Pharmaceutical interventions for emotionalism after stroke

Publication Type:
Journal Article
Cochrane Database of Systematic Reviews, 2019, 2019 (3)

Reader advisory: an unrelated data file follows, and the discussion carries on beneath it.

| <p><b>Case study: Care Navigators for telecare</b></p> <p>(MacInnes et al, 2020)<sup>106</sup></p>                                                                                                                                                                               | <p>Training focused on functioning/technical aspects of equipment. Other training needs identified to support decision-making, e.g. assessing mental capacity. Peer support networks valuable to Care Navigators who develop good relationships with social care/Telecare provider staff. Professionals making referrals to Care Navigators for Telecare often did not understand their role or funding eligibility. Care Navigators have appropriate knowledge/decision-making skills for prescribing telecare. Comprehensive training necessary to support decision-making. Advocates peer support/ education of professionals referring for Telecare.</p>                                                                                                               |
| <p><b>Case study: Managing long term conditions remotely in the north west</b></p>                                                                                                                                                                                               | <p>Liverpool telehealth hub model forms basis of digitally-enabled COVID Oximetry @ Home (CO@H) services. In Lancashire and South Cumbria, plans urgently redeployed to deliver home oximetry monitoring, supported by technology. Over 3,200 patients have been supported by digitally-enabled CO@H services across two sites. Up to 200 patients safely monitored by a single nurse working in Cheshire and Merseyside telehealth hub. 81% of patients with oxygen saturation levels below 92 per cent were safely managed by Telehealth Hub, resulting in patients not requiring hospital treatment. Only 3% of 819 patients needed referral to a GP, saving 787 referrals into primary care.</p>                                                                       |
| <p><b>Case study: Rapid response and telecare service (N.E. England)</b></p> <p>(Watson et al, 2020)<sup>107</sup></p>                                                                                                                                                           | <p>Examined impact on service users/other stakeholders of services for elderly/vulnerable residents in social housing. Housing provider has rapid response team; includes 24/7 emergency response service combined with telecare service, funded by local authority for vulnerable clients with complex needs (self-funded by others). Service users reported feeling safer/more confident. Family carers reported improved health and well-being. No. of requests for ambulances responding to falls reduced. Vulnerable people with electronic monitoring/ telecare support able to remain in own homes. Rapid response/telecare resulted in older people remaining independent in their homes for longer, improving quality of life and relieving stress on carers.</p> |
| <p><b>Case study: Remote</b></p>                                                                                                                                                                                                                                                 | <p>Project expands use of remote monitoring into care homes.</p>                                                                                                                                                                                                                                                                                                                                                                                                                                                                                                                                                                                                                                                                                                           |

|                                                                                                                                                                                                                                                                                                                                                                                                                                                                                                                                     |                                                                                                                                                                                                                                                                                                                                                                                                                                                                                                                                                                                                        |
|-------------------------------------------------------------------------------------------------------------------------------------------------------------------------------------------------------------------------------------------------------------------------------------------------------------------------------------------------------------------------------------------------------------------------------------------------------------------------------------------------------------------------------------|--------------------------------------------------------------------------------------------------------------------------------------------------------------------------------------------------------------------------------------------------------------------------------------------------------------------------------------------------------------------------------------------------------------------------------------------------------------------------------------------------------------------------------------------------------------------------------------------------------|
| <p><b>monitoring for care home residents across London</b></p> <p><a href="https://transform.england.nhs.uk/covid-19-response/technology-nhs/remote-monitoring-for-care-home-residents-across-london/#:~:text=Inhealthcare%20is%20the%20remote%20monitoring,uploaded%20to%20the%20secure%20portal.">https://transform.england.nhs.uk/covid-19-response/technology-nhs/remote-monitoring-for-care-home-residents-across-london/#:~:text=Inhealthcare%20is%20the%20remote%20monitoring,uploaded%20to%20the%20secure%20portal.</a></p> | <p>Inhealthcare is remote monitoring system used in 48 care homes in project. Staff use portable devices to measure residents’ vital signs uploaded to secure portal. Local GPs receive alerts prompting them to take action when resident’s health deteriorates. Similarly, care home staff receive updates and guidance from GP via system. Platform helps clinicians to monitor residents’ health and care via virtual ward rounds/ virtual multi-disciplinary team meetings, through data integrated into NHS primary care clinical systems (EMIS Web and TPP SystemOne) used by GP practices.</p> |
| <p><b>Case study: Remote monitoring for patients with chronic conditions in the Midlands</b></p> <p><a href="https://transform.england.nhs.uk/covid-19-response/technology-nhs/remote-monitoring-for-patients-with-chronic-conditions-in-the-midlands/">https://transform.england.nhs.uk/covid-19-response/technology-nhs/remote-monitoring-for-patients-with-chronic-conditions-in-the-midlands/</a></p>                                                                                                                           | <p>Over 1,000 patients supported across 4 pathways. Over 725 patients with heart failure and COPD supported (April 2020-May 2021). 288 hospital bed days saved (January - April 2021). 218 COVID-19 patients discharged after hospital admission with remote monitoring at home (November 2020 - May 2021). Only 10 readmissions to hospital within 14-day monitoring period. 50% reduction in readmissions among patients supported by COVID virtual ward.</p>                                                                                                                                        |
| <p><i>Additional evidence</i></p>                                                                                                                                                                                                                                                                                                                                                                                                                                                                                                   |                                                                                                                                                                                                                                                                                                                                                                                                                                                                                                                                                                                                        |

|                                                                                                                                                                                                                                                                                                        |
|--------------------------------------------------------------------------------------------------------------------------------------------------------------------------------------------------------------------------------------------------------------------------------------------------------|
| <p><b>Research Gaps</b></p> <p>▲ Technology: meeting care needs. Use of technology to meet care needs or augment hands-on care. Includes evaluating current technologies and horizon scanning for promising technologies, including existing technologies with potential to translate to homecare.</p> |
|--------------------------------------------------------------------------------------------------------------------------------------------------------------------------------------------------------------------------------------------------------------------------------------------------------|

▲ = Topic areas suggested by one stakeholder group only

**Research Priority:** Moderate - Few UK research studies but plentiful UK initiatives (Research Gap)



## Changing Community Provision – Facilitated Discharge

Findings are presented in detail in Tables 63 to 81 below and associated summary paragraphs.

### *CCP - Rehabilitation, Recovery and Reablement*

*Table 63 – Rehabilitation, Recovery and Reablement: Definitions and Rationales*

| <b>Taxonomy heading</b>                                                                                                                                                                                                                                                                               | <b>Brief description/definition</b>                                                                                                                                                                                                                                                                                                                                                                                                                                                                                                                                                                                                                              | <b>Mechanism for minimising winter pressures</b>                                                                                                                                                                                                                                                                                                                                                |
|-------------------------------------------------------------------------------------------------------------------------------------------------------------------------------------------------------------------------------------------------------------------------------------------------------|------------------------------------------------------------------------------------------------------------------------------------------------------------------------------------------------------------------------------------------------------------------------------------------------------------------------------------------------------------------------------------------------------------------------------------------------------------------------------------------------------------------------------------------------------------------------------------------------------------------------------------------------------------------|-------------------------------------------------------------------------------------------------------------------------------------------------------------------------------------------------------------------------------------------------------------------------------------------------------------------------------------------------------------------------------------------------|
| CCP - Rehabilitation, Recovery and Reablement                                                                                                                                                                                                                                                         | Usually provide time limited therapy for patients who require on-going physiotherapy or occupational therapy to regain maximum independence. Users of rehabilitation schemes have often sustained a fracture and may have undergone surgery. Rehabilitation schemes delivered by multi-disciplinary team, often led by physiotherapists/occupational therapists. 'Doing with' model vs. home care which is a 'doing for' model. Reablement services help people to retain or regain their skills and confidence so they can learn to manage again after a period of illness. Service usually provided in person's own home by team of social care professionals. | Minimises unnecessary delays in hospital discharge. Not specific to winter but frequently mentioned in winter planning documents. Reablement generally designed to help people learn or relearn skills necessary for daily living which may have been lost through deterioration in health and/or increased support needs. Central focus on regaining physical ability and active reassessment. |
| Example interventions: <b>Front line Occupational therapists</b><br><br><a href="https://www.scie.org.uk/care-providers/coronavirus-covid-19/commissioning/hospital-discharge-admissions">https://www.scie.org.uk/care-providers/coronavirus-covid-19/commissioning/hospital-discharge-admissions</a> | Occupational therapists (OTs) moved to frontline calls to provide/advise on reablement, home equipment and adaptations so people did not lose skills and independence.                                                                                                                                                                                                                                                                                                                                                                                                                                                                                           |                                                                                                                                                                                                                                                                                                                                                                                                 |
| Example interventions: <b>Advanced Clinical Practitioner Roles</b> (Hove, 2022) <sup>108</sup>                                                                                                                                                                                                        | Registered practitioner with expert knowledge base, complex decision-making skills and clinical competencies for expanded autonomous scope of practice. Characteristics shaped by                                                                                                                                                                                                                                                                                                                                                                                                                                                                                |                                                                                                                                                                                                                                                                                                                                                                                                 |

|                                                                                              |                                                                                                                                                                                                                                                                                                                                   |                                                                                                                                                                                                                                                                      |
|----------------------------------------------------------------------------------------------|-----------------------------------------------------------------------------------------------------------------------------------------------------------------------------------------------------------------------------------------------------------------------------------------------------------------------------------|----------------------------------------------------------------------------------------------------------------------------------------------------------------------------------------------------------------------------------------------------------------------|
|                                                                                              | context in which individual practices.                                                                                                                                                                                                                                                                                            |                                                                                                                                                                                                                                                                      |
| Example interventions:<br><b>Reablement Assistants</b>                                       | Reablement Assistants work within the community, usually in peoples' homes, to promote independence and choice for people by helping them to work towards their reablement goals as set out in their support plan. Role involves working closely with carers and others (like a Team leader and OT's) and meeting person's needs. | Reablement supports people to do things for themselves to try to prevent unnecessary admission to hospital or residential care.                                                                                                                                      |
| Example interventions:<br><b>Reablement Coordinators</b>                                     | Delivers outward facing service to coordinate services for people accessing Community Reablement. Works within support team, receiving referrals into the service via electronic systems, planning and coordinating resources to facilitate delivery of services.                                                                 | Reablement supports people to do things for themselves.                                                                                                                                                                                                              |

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Copyright © 2019 The Cochrane Collaboration. Published by John Wiley & Sons, Ltd. Background Antidepressants may be useful in the treatment of abnormal crying associated with stroke. This is an update of a Cochrane Review first published in 2004 and last updated in 2010. Objectives To determine whether pharmaceutical treatment reduces the frequency of emotional displays in people with emotionalism after stroke. Search methods We searched the trial register of Cochrane Stroke (last searchedMay 2018). In addition, we searched the Cochrane Central Register of Controlled Trials (CENTRAL; to May 2018), MEDLINE (1966 to 14 May 2018), Embase (1980 to 14 May 2018), CINAHL (1982 to 14 May 2018), PsycINFO (1967 to 14 May 2018), BIOSIS Previews (2002 to 14 May 2018), Web of Science (2002 to 14 May 2018), WHO ICTRP (to 14 May 2018), (to 14 May 2018), and ProQuest Dissertations and Theses Database (to 14 May 2018). Selection criteria Randomised controlled trials (RCTs) and quasi-RCTs comparing psychotropic medication to placebo in people with stroke and emotionalism (also known as emotional lability, pathological crying or laughing, emotional incontinence, involuntary emotional expression disorder, and pseudobulbar affect). Data collection and analysis Two review authors independently selected studies, assessed risk of bias, extracted data from all included studies, and used GRADE to assess the quality of the body of evidence.We calculated mean difference (MD) or standardised mean difference (SMD) for continuous data and risk ratio (RR) for dichotomous data with 95% confidence intervals (CIs). We assessed heterogeneity using the I2 statistic. The primary emotionalism measures were the proportion of participants achieving at least a 50% reduction in abnormal emotional behaviour at the end of treatment, improved score on Center for Neurologic Study-Lability Scale (CNS-LS), Clinician Interview-Based Impression of Change (CIBIC) or diminished tearfulness. Main results We included seven trials with a total of 239 participants. Two trials were of cross-over design, and outcome data were not available from the first phase (precross-over) in an appropriate format for inclusion as a parallel randomised controlled trial (RCT). Thus, the results of the review are based on five trials with 213 participants. Treatment effects were observed on the following primary endpoints of emotionalism: There is very low quality of evidence from one small RCT that antidepressants increased the number of people who had 50% reduction in emotionalism (RR 16.50, 95% CI 1.07 to 253.40; 19 participants) and low quality evidence from one RCT of improved scores on Center for Neurologic Study-Lability Scale (CNS-LS) and Clinician Interview-Based Impression of Change (CIBIC) with antidepressants (RR 1.44, 95% CI 0.95 to 2.19; 28 participants). There was moderate quality evidence from three RCTS that they increased the number of people who had a reduction in tearfulness (RR 2.18, 95% CI 1.29 to 3.71; 164 participants); and low quality evidence from one RCT of improved scores on the Pathological Laughter and Crying Scale (PLCS) (MD 8.40, 95% CI 11.56 to 5.24; 28 participants). Six trials reported adverse events (death) and found no difference between the groups in death (RR 0.59, 95%CI 0.08 to 4.50; 6 RCTs, 172 participants, moderate-quality evidence). Authors' conclusions Antidepressantsmay reduce the frequency and severity of crying or laughing episodes based on very lowquality evidence.Our conclusions must be qualified by several methodological deficiencies in the studies and interpreted with caution despite the effect being very large. The effect does not seem specific to one drug or class of drugs. More reliable data are required before appropriate conclusions can be made about the treatment of post-stroke emotionalism. Future trialists investigating the effect of antidepressants in people with emotionalism after stroke should consider developing and using a standardised method to diagnose emotionalism, determine severity and assess change over time; provide treatment for a sufficient duration and follow-up to better assess rates of relapse or maintenance and include careful assessment and complete reporting of adverse events.
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